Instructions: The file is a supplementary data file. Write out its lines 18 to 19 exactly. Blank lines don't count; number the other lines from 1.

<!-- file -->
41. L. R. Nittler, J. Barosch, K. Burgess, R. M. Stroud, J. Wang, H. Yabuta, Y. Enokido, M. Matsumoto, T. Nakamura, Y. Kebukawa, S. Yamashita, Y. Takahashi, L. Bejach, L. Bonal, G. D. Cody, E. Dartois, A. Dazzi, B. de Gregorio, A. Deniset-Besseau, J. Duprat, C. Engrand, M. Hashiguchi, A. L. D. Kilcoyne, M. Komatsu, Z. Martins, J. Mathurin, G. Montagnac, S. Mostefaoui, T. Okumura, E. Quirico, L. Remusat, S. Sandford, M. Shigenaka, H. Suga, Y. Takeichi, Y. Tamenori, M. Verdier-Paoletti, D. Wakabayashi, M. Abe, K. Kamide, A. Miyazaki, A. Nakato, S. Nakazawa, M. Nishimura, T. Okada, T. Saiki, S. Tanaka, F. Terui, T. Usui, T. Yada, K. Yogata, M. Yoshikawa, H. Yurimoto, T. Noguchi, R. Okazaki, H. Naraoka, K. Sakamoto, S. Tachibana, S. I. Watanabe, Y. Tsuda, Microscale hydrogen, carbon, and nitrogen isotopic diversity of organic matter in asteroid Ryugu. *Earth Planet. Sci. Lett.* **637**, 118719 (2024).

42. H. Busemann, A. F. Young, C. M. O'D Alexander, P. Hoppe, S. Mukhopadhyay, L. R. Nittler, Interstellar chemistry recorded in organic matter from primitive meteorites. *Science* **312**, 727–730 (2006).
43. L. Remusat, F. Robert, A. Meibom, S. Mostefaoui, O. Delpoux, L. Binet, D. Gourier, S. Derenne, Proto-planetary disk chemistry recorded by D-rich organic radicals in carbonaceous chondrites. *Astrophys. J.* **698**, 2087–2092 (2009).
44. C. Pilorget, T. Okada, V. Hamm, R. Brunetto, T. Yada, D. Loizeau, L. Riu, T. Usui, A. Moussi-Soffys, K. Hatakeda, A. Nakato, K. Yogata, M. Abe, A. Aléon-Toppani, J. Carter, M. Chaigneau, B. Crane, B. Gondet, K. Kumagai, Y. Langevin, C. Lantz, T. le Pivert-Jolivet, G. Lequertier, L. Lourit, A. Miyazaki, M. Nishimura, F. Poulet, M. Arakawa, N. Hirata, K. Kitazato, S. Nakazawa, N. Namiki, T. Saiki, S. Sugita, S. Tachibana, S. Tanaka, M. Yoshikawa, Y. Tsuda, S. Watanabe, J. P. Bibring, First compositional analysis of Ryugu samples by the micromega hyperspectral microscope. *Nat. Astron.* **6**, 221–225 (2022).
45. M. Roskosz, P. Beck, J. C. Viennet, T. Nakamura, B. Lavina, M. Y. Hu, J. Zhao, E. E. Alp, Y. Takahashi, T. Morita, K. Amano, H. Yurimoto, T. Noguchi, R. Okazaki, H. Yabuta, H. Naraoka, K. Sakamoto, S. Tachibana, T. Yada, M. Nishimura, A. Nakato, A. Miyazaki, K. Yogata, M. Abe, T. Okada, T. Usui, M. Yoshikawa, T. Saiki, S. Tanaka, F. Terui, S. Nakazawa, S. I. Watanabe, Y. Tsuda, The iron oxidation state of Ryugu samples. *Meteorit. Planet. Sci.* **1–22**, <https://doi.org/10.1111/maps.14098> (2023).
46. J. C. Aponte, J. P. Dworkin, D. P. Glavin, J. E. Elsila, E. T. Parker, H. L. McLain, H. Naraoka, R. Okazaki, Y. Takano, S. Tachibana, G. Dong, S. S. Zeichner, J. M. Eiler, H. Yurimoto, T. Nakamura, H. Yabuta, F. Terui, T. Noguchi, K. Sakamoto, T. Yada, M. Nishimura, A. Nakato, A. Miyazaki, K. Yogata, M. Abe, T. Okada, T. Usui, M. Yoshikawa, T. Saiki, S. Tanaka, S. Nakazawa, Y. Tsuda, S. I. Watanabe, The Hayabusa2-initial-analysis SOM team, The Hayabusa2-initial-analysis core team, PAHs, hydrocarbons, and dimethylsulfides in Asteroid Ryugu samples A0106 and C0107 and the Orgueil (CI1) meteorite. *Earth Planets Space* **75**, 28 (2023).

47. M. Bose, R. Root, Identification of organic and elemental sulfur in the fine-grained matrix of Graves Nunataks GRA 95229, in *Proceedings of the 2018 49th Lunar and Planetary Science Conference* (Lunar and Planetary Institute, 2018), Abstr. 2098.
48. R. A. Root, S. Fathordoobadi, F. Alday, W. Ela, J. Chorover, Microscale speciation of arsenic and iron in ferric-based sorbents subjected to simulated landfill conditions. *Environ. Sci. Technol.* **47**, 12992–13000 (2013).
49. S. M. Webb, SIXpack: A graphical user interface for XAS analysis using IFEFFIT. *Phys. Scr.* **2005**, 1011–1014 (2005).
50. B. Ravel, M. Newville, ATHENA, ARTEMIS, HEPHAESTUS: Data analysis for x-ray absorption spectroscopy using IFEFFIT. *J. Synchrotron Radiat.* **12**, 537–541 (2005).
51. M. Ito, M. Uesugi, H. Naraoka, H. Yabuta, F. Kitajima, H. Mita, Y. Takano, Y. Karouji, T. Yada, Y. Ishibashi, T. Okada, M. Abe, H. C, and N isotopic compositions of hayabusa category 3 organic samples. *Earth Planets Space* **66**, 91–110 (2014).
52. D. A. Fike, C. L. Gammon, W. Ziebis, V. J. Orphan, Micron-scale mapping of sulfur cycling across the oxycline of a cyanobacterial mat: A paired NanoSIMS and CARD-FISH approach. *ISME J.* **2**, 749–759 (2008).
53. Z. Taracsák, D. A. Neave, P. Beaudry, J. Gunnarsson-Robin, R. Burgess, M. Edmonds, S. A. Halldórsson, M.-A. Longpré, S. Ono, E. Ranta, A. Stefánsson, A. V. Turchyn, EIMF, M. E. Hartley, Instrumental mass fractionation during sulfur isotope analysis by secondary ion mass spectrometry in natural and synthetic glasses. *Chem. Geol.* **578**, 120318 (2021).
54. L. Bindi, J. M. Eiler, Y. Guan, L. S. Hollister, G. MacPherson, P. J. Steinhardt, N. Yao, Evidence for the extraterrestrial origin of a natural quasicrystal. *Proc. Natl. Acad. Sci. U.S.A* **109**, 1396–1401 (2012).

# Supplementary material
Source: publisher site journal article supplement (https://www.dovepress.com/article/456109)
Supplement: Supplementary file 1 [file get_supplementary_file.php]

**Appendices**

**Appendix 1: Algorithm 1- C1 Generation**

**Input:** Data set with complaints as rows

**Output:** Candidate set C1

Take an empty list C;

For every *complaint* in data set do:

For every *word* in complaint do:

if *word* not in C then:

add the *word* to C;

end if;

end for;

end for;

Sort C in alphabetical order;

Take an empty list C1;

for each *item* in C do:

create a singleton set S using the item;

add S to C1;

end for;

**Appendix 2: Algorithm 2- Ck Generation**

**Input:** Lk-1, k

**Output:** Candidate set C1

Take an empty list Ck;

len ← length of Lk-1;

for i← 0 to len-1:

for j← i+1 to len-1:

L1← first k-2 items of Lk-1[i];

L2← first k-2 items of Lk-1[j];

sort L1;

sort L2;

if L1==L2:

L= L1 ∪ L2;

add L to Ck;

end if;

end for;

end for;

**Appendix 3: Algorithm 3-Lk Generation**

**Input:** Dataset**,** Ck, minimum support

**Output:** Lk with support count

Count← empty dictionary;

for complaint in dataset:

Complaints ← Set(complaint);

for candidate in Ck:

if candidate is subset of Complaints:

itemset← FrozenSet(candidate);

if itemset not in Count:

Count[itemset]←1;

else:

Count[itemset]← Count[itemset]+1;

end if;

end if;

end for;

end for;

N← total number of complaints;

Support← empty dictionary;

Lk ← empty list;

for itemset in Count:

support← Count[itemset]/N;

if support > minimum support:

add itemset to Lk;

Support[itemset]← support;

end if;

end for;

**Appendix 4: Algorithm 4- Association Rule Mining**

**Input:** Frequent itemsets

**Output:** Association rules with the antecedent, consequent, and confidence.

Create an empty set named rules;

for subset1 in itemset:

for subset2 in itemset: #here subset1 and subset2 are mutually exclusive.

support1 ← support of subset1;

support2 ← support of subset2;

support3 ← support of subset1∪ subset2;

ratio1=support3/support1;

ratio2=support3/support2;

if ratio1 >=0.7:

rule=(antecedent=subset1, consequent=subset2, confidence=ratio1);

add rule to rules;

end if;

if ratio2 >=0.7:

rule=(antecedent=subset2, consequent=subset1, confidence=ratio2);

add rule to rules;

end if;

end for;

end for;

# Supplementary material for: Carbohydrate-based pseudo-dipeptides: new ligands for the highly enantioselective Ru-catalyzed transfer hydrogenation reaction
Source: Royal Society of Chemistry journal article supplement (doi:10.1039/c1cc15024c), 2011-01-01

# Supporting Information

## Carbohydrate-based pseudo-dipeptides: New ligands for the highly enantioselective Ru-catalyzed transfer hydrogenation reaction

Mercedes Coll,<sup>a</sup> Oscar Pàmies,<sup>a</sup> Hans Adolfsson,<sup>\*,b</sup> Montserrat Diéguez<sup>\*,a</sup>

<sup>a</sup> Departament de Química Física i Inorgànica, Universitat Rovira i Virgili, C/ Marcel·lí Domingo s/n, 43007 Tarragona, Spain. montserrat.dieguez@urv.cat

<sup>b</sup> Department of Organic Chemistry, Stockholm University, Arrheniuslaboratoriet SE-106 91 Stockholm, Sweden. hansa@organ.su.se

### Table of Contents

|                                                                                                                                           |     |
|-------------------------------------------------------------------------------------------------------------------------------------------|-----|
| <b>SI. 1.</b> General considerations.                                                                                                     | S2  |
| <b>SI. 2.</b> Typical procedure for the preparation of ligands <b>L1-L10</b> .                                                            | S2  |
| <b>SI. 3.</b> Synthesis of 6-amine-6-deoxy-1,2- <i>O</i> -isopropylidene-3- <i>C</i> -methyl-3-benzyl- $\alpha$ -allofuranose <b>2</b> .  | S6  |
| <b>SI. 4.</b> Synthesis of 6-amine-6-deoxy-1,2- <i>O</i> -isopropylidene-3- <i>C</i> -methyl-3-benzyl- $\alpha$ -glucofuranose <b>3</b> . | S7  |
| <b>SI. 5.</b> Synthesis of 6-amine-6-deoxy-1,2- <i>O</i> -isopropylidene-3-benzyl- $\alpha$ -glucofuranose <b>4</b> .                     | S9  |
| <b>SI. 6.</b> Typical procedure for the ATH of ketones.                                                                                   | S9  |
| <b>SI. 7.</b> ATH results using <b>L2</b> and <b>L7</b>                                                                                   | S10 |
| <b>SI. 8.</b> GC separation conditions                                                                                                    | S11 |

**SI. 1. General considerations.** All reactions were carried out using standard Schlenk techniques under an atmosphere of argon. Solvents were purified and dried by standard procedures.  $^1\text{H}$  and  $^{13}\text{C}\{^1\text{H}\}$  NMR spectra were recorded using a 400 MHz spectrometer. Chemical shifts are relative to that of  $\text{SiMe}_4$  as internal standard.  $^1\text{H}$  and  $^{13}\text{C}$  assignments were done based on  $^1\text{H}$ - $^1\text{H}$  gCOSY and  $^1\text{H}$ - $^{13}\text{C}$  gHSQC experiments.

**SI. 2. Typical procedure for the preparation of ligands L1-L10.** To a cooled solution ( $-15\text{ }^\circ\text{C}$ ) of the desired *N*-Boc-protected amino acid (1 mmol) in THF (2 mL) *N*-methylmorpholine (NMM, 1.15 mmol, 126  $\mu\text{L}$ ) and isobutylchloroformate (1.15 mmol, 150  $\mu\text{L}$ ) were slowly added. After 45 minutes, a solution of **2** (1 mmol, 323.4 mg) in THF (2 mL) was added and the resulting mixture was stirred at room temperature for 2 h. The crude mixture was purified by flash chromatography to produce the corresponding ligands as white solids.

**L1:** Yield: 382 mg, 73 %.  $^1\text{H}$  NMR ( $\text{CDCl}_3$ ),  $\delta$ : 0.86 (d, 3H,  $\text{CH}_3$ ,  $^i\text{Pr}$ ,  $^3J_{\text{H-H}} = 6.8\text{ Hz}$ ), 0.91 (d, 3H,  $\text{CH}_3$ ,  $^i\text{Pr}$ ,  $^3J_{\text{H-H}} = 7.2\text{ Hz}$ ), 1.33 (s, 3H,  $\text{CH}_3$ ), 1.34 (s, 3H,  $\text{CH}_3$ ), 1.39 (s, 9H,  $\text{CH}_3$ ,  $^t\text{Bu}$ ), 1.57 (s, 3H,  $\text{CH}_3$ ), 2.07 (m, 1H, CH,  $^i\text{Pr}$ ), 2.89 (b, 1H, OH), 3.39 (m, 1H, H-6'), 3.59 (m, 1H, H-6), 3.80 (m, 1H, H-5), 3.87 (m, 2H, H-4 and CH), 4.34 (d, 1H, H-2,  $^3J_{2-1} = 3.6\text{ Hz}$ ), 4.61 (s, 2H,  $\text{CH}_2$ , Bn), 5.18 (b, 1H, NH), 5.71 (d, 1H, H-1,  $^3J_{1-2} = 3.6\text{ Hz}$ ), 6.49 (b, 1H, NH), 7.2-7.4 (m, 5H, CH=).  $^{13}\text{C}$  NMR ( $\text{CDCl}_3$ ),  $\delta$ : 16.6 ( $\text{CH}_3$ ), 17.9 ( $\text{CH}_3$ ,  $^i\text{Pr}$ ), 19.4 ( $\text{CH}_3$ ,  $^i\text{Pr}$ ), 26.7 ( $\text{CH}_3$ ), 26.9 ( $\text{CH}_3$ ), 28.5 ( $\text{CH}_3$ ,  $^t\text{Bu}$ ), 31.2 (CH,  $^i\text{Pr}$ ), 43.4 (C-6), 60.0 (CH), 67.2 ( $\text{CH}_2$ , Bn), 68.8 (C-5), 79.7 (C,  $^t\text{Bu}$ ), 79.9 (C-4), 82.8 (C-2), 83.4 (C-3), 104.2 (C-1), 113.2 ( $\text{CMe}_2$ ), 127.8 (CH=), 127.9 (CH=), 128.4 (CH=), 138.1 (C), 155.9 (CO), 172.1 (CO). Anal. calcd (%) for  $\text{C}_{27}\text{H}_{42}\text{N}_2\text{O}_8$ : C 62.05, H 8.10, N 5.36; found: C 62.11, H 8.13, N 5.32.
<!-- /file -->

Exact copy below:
**Appendices**

**Appendix 1: Algorithm 1- C1 Generation**